Workers at stricken Japan nuclear plant make little progress
Workers are a step closer to emptying highly radioactive water from reactor.
Tokyo: Workers on Wednesday were a step closer to emptying highly radioactive water from a crippled reactor, which would allow them to start repairing the cooling system crucial to bringing one of the world`s worst nuclear crises under control.
US Nuclear safety regulator Gregory Jaczko described the crisis at the Fukushima nuclear plant as "static" rather than stable, because of the continuing struggle to cool the reactors badly damaged by a 15-meter tsunami on March 11, which was triggered by the biggest quake in Japan`s recorded history.
New data shows much more radiation leaked from the plant in the early days of the crisis than first thought, prompting officials to rate it on a par with the world`s worst nuclear accident, the 1986 Chernobyl disaster, though experts were quick to point out the two crises were not comparable in terms of radiation contamination.
There have been fears of contamination in the region, but neighbouring China said the impact there had been small, noting the amount of radiation was just one percent of what it had experienced from Chernobyl.
The toll of the triple disaster is starting to rise, with the government cutting its outlook for the economy, in recession for almost 15 years, for the first time in six months and prices rising due to power disruptions.
"It will take several months to (resolve) the supply of parts, and several years for stricken areas to recover. And we really have no idea about (future developments of the) nuclear problems," Economics Minister Kaoru Yosano told a press briefing.
It is expected to take months before the damaged reactors at Fukushima are cooled down. Until the coolers are repaired, the plant`s operator has been forced to pump water over them which just creates more radioactive water.
"We are continuing to transfer water in the tunnels outside the No 2 reactor turbine building into the condenser ... We will be doing this round the clock," said an official with Tokyo Electric Power Co (TEPCO).
Samples collected on Monday from around 15 km (9 miles) off the coast of Minamisoma city, which was devastated by last month`s quake and tsunami, showed radiation in the water rose to 23 times the legal limit from 9.3 times on April 07, said Hidehiko Nishiyama, a deputy director-general of the Nuclear and Industrial Safety Agency (NISA).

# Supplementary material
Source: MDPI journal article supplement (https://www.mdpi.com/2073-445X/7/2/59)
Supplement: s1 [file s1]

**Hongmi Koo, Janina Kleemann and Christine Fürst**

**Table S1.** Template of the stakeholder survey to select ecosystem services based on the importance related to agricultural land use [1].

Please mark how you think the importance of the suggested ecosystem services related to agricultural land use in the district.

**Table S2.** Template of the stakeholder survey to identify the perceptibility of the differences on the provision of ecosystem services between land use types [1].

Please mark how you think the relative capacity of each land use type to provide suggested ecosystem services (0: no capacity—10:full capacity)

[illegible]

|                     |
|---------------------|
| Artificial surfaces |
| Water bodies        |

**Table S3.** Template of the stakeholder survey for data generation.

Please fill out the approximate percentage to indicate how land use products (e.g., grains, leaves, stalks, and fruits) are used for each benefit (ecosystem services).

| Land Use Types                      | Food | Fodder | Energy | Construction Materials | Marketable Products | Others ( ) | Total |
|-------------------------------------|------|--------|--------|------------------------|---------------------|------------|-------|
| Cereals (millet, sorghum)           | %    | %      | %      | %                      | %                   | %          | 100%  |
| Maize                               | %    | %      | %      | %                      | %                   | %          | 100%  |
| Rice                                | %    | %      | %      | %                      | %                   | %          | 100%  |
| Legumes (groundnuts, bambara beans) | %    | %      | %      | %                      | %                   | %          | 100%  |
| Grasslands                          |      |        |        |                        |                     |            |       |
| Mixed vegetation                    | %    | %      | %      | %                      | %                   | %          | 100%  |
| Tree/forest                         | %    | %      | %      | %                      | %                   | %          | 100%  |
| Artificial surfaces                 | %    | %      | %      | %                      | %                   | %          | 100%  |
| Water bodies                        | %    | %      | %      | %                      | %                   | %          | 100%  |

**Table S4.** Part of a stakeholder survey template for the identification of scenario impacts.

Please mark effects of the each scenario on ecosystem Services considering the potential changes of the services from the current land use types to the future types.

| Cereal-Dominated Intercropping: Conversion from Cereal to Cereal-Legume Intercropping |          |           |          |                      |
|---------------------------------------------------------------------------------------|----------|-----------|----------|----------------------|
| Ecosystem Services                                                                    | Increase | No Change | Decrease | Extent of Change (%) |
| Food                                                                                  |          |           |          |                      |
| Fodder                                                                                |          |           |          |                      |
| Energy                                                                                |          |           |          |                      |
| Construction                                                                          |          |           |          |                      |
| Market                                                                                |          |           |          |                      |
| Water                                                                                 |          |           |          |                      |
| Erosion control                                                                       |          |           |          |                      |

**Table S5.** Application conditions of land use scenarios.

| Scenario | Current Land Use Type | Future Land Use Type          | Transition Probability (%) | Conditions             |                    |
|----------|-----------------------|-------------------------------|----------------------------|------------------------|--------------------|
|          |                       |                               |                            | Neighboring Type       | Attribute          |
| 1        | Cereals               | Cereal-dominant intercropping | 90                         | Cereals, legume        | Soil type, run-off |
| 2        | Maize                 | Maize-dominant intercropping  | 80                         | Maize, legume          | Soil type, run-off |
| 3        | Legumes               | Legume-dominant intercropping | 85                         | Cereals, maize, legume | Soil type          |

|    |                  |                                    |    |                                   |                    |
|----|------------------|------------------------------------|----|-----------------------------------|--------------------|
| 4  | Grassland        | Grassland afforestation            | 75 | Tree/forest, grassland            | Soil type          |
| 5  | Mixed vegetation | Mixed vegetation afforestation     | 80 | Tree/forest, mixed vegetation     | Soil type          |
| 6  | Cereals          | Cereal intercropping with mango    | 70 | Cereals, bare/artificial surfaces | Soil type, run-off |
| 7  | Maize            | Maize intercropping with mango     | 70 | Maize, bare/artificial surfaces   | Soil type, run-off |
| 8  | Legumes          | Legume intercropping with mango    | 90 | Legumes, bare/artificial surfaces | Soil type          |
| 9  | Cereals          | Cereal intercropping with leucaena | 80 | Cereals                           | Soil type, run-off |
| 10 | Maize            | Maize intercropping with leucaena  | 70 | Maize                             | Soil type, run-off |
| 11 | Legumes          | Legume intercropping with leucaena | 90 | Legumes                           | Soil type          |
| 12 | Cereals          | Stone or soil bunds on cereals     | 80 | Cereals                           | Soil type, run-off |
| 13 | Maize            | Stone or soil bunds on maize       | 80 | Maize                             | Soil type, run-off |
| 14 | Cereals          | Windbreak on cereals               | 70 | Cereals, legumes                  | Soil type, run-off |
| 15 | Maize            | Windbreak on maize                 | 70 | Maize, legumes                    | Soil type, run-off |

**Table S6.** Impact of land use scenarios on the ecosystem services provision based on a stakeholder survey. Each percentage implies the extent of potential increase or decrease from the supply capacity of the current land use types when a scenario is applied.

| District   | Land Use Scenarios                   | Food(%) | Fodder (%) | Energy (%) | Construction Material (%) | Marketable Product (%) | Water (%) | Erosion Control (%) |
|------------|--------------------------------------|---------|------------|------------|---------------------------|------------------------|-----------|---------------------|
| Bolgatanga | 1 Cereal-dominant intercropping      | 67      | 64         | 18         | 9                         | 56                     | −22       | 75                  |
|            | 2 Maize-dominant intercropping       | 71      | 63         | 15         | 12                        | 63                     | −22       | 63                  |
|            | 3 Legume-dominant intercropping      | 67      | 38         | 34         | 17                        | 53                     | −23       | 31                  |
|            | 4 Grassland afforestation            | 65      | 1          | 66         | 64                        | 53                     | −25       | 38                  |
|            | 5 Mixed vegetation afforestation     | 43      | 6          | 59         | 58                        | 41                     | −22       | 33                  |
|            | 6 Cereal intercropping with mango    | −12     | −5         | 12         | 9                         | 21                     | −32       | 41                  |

"At one point, we had detected high levels of radiation on the coast so I think it is drifting somewhat as one chunk of water. While we think it`s not harmful to human health, we will continue to monitor closely," he said.
Tuesday, the Science Ministry said small amounts of strontium, one of the most harmful radioactive elements, had been found in soil near Fukushima Daiichi.
The total cost of the triple disaster has been estimated at USD 300 billion, making it the world`s most costly natural disaster.
The company has begun looking into how it will store and transport the spent fuel from the reactors, though work cannot start until they are in cold shutdown, TEPCO official Mitsuo Matsumoto told reporters.
It is expected to take months before the damaged reactors will be cool enough. Some officials have speculated that the authorities may have to entomb the plant if the crisis drags on too long, the solution that was eventually used to close off Chernobyl.
Nishiyama said Tuesday`s decision to raise the severity of the incident from level 5 to 7 -- the same as the Chernobyl disaster -- was based on cumulative quantities of radiation released.
No radiation-linked deaths
No radiation-linked deaths have been reported since the earthquake struck, and only 21 plant workers have been affected by minor radiation sickness, Chief Cabinet Secretary Yukio Edano said.
He said he realised the upgrading of the severity classification would worry people, although the top US nuclear regulator backed the move.
"The efforts continue to ... transition from static to stable to ensure long-term ultimate ability to cool the reactors and to provide cooling to the spent fuel pools," Jaczko told a Senate committee hearing in Washington.
Still, the increase in the severity level heightens the risk of diplomatic tension with Japan`s neighbours over radioactive fallout. Chinese Premier Wen Jiabao told Kan on Tuesday he was "concerned" about the release of radiation into the ocean.
China has so far been sympathetic rather than angry, though it and South Korea have criticised TEPCO`s decision to pump radioactive water into the sea, a process it has now stopped.
"Its impact on our country`s environment has been small, equivalent to about one percent of the impact of the Chernobyl nuclear accident on our country," China`s nuclear safety body said on Wednesday.
"There is no need to adopt protective measures."